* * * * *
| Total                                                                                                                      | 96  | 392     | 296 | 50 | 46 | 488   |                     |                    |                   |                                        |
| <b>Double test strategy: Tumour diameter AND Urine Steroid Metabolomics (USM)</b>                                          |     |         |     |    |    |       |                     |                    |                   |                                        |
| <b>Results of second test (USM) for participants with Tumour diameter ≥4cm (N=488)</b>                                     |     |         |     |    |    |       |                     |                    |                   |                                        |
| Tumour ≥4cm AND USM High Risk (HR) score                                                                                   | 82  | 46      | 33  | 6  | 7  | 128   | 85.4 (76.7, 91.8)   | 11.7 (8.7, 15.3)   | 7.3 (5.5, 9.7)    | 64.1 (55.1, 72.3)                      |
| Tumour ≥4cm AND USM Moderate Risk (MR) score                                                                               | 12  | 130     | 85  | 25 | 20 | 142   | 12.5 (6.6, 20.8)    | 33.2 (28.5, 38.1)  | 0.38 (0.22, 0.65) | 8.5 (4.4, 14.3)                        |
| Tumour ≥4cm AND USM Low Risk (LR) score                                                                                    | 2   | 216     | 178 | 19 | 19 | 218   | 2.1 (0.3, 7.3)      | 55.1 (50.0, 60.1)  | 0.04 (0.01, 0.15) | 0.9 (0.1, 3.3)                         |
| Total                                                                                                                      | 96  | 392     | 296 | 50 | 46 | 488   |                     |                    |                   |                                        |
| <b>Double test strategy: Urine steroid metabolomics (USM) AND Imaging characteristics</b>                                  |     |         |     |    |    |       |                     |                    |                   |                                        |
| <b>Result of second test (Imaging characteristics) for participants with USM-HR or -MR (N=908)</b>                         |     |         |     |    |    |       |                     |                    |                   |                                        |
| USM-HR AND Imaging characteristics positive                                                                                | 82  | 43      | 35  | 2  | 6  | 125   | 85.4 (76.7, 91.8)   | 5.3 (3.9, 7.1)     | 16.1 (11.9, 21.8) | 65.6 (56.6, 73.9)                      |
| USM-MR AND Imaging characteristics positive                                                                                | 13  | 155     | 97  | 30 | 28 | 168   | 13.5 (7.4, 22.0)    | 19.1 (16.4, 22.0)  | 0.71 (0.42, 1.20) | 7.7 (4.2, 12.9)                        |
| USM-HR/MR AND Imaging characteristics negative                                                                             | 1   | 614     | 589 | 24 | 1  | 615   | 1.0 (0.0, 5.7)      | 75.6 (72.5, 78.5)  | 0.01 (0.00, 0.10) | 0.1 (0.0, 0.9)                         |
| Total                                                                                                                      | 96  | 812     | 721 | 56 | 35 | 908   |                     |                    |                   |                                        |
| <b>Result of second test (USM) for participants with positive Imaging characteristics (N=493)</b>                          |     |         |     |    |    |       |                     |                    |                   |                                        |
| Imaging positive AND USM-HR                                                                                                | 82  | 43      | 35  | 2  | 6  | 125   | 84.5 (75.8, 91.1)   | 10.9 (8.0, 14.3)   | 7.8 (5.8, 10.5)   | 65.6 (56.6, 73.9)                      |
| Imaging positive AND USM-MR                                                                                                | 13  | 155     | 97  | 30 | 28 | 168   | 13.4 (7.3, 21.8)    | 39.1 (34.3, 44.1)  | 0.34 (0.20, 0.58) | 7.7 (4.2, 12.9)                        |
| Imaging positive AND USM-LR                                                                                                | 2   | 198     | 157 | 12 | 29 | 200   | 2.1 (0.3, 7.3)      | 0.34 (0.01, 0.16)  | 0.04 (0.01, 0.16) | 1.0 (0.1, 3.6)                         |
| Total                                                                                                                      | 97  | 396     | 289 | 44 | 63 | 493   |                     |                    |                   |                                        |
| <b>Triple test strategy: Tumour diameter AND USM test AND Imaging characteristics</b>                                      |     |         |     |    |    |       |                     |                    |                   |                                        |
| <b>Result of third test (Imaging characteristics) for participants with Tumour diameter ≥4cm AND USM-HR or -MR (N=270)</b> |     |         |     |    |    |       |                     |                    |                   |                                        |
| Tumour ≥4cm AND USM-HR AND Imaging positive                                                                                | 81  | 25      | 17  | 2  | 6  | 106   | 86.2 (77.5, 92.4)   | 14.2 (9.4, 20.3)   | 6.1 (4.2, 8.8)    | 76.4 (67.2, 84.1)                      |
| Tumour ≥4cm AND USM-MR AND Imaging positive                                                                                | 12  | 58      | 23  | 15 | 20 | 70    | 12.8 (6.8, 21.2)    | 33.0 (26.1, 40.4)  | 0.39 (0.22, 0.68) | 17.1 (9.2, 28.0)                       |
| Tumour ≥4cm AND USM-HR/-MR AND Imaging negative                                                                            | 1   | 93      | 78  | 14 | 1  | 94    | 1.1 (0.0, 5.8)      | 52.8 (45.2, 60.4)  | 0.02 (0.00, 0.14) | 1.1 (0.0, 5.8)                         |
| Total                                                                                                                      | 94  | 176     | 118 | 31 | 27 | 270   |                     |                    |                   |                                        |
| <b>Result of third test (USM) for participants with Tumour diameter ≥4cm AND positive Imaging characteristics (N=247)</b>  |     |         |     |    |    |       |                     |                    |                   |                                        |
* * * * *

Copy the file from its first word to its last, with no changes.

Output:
| Total                                                                                                                      | 96  | 392     | 296 | 50 | 46 | 488   |                     |                    |                   |                                        |
| <b>Double test strategy: Tumour diameter AND Urine Steroid Metabolomics (USM)</b>                                          |     |         |     |    |    |       |                     |                    |                   |                                        |
| <b>Results of second test (USM) for participants with Tumour diameter ≥4cm (N=488)</b>                                     |     |         |     |    |    |       |                     |                    |                   |                                        |
| Tumour ≥4cm AND USM High Risk (HR) score                                                                                   | 82  | 46      | 33  | 6  | 7  | 128   | 85.4 (76.7, 91.8)   | 11.7 (8.7, 15.3)   | 7.3 (5.5, 9.7)    | 64.1 (55.1, 72.3)                      |
| Tumour ≥4cm AND USM Moderate Risk (MR) score                                                                               | 12  | 130     | 85  | 25 | 20 | 142   | 12.5 (6.6, 20.8)    | 33.2 (28.5, 38.1)  | 0.38 (0.22, 0.65) | 8.5 (4.4, 14.3)                        |
| Tumour ≥4cm AND USM Low Risk (LR) score                                                                                    | 2   | 216     | 178 | 19 | 19 | 218   | 2.1 (0.3, 7.3)      | 55.1 (50.0, 60.1)  | 0.04 (0.01, 0.15) | 0.9 (0.1, 3.3)                         |
| Total                                                                                                                      | 96  | 392     | 296 | 50 | 46 | 488   |                     |                    |                   |                                        |
| <b>Double test strategy: Urine steroid metabolomics (USM) AND Imaging characteristics</b>                                  |     |         |     |    |    |       |                     |                    |                   |                                        |
| <b>Result of second test (Imaging characteristics) for participants with USM-HR or -MR (N=908)</b>                         |     |         |     |    |    |       |                     |                    |                   |                                        |
| USM-HR AND Imaging characteristics positive                                                                                | 82  | 43      | 35  | 2  | 6  | 125   | 85.4 (76.7, 91.8)   | 5.3 (3.9, 7.1)     | 16.1 (11.9, 21.8) | 65.6 (56.6, 73.9)                      |
| USM-MR AND Imaging characteristics positive                                                                                | 13  | 155     | 97  | 30 | 28 | 168   | 13.5 (7.4, 22.0)    | 19.1 (16.4, 22.0)  | 0.71 (0.42, 1.20) | 7.7 (4.2, 12.9)                        |
| USM-HR/MR AND Imaging characteristics negative                                                                             | 1   | 614     | 589 | 24 | 1  | 615   | 1.0 (0.0, 5.7)      | 75.6 (72.5, 78.5)  | 0.01 (0.00, 0.10) | 0.1 (0.0, 0.9)                         |
| Total                                                                                                                      | 96  | 812     | 721 | 56 | 35 | 908   |                     |                    |                   |                                        |
| <b>Result of second test (USM) for participants with positive Imaging characteristics (N=493)</b>                          |     |         |     |    |    |       |                     |                    |                   |                                        |
| Imaging positive AND USM-HR                                                                                                | 82  | 43      | 35  | 2  | 6  | 125   | 84.5 (75.8, 91.1)   | 10.9 (8.0, 14.3)   | 7.8 (5.8, 10.5)   | 65.6 (56.6, 73.9)                      |
| Imaging positive AND USM-MR                                                                                                | 13  | 155     | 97  | 30 | 28 | 168   | 13.4 (7.3, 21.8)    | 39.1 (34.3, 44.1)  | 0.34 (0.20, 0.58) | 7.7 (4.2, 12.9)                        |
| Imaging positive AND USM-LR                                                                                                | 2   | 198     | 157 | 12 | 29 | 200   | 2.1 (0.3, 7.3)      | 0.34 (0.01, 0.16)  | 0.04 (0.01, 0.16) | 1.0 (0.1, 3.6)                         |
| Total                                                                                                                      | 97  | 396     | 289 | 44 | 63 | 493   |                     |                    |                   |                                        |
| <b>Triple test strategy: Tumour diameter AND USM test AND Imaging characteristics</b>                                      |     |         |     |    |    |       |                     |                    |                   |                                        |
| <b>Result of third test (Imaging characteristics) for participants with Tumour diameter ≥4cm AND USM-HR or -MR (N=270)</b> |     |         |     |    |    |       |                     |                    |                   |                                        |
| Tumour ≥4cm AND USM-HR AND Imaging positive                                                                                | 81  | 25      | 17  | 2  | 6  | 106   | 86.2 (77.5, 92.4)   | 14.2 (9.4, 20.3)   | 6.1 (4.2, 8.8)    | 76.4 (67.2, 84.1)                      |
| Tumour ≥4cm AND USM-MR AND Imaging positive                                                                                | 12  | 58      | 23  | 15 | 20 | 70    | 12.8 (6.8, 21.2)    | 33.0 (26.1, 40.4)  | 0.39 (0.22, 0.68) | 17.1 (9.2, 28.0)                       |
| Tumour ≥4cm AND USM-HR/-MR AND Imaging negative                                                                            | 1   | 93      | 78  | 14 | 1  | 94    | 1.1 (0.0, 5.8)      | 52.8 (45.2, 60.4)  | 0.02 (0.00, 0.14) | 1.1 (0.0, 5.8)                         |
| Total                                                                                                                      | 94  | 176     | 118 | 31 | 27 | 270   |                     |                    |                   |                                        |
| <b>Result of third test (USM) for participants with Tumour diameter ≥4cm AND positive Imaging characteristics (N=247)</b>  |     |         |     |    |    |       |                     |                    |                   |                                        |